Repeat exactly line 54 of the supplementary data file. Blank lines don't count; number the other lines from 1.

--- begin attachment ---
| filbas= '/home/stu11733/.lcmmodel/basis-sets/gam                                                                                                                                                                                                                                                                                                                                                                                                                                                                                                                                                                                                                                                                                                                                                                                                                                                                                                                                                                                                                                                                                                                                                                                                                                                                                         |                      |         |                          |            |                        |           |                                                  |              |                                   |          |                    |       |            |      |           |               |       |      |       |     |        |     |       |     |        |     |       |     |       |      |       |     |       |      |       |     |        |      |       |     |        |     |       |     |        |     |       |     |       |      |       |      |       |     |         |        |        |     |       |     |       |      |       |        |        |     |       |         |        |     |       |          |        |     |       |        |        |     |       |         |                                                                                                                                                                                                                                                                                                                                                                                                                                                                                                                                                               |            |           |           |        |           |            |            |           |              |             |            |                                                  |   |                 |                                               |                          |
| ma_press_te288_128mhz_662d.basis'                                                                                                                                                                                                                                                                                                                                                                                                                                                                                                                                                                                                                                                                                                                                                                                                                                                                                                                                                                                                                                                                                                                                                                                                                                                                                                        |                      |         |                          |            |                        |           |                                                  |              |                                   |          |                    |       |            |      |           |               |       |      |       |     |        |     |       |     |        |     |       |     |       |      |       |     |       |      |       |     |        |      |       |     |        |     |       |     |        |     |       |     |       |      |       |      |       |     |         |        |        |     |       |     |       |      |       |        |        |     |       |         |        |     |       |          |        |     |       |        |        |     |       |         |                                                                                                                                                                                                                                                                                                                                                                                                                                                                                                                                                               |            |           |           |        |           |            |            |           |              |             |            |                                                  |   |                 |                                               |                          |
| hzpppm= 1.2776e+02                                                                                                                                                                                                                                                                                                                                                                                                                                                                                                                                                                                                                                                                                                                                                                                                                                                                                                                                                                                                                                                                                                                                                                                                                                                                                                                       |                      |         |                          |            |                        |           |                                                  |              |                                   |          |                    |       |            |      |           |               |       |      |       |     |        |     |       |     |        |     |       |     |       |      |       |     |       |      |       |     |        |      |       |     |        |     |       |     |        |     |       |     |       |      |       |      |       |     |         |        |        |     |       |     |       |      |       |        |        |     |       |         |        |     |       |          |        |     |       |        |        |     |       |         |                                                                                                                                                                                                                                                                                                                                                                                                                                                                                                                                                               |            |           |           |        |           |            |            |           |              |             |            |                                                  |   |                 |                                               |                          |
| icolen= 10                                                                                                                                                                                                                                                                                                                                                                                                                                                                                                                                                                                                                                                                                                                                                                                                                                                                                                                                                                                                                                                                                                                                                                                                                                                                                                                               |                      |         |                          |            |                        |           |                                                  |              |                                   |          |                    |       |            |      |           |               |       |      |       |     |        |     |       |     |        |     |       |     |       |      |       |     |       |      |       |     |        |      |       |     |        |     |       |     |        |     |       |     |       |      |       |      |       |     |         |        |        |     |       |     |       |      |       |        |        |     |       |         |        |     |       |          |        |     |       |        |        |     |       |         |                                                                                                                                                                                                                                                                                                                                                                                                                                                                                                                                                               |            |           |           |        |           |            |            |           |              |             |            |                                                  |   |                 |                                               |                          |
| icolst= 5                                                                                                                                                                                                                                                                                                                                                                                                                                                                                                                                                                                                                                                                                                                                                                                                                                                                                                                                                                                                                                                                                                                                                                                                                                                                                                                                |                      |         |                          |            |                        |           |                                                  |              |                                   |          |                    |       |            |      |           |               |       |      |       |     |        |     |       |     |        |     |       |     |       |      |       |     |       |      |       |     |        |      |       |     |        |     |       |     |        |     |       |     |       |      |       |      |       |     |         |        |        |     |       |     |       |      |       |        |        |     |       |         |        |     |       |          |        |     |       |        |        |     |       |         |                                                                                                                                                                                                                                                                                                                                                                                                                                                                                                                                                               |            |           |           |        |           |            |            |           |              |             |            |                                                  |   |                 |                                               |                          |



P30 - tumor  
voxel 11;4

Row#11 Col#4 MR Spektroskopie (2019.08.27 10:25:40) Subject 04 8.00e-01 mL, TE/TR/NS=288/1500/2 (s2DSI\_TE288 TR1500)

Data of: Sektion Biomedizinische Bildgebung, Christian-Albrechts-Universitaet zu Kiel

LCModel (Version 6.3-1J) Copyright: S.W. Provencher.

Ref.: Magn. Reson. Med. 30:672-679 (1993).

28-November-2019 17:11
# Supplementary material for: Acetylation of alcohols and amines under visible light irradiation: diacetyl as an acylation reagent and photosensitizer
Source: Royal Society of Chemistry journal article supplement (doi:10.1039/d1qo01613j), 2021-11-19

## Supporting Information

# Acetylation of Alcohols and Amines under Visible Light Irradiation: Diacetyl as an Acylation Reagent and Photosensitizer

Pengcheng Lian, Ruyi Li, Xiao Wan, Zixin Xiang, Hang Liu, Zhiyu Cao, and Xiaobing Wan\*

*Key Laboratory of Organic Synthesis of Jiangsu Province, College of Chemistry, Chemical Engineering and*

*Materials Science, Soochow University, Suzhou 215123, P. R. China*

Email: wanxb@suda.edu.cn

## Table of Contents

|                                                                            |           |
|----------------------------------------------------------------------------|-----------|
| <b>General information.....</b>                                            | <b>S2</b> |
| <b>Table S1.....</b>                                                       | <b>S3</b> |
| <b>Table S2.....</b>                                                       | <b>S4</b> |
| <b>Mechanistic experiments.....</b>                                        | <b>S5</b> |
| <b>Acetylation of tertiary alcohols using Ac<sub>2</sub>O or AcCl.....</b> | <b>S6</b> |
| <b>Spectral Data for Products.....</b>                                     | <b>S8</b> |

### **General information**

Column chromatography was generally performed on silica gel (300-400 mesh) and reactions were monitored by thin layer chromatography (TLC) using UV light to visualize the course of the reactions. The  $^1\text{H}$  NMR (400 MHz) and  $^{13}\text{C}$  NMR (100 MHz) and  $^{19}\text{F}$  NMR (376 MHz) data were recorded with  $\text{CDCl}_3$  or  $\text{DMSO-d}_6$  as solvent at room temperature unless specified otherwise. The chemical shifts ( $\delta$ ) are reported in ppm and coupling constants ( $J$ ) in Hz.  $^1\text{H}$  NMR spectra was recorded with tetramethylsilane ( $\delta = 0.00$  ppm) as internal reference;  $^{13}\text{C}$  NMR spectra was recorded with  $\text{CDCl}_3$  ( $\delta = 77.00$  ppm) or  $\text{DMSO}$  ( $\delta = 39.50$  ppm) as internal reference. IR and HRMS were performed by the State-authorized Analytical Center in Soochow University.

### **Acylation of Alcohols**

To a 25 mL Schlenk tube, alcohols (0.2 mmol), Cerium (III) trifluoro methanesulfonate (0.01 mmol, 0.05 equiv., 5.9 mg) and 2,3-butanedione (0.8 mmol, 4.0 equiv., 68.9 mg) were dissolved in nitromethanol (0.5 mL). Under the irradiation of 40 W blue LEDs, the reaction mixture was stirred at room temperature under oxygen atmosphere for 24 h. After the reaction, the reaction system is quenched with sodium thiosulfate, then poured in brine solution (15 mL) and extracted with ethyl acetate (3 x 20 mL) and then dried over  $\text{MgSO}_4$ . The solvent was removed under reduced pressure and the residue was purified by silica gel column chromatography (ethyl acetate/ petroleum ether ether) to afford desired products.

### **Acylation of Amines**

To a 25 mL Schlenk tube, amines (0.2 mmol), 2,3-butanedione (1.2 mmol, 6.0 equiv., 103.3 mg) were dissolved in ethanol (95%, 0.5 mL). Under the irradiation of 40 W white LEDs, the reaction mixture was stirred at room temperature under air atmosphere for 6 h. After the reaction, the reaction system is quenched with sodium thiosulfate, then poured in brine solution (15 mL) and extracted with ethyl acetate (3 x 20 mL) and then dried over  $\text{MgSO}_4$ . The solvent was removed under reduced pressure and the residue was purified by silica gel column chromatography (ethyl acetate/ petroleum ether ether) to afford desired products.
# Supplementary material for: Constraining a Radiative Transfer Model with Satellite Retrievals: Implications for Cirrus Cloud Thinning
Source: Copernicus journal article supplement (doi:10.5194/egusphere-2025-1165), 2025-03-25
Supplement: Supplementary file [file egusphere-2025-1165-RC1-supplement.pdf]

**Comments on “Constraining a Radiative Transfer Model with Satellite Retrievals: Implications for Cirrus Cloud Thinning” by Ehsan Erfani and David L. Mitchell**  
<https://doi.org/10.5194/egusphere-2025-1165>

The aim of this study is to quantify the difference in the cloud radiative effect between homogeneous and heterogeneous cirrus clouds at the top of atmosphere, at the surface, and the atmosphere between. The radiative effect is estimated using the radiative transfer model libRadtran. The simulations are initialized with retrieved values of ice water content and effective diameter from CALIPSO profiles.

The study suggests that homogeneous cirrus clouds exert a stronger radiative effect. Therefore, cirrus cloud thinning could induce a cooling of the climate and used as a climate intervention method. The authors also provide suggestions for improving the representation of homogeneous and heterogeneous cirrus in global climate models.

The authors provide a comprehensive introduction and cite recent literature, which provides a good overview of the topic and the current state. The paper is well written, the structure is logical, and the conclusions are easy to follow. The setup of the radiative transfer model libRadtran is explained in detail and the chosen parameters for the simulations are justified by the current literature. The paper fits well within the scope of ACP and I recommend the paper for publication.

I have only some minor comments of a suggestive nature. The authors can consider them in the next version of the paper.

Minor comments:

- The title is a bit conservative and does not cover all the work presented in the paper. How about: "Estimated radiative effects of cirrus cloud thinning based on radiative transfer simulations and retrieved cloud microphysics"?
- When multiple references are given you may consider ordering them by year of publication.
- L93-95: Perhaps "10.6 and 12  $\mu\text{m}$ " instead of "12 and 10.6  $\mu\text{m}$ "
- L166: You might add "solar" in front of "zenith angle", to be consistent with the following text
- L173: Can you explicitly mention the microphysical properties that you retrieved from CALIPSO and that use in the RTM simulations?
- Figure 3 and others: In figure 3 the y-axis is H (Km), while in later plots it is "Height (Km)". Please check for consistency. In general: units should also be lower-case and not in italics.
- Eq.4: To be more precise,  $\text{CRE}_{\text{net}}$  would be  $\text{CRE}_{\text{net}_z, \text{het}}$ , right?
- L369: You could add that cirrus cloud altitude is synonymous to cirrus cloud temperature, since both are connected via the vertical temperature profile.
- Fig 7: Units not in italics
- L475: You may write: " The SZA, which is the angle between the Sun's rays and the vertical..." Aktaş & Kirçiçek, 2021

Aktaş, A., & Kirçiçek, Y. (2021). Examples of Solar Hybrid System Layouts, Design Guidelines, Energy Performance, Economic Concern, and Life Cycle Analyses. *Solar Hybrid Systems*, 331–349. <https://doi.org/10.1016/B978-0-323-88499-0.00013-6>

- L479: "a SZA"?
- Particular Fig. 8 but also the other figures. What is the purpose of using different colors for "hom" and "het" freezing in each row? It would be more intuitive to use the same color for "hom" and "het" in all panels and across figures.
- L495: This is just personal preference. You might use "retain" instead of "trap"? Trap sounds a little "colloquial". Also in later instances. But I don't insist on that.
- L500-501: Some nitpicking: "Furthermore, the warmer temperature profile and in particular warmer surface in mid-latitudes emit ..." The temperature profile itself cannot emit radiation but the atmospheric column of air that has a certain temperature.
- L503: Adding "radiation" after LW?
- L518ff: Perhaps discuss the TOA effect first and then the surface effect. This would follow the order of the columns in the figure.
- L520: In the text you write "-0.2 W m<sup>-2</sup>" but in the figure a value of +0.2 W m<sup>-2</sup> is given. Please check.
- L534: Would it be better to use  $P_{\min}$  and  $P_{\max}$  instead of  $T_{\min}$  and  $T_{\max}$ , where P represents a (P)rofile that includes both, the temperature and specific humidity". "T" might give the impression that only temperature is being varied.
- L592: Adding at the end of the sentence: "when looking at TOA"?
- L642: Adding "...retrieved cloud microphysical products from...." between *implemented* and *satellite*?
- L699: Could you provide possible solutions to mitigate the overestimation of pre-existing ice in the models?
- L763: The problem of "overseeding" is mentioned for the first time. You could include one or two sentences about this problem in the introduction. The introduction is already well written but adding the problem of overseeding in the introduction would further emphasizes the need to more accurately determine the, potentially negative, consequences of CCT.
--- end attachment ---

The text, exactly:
- Fig 7: Units not in italics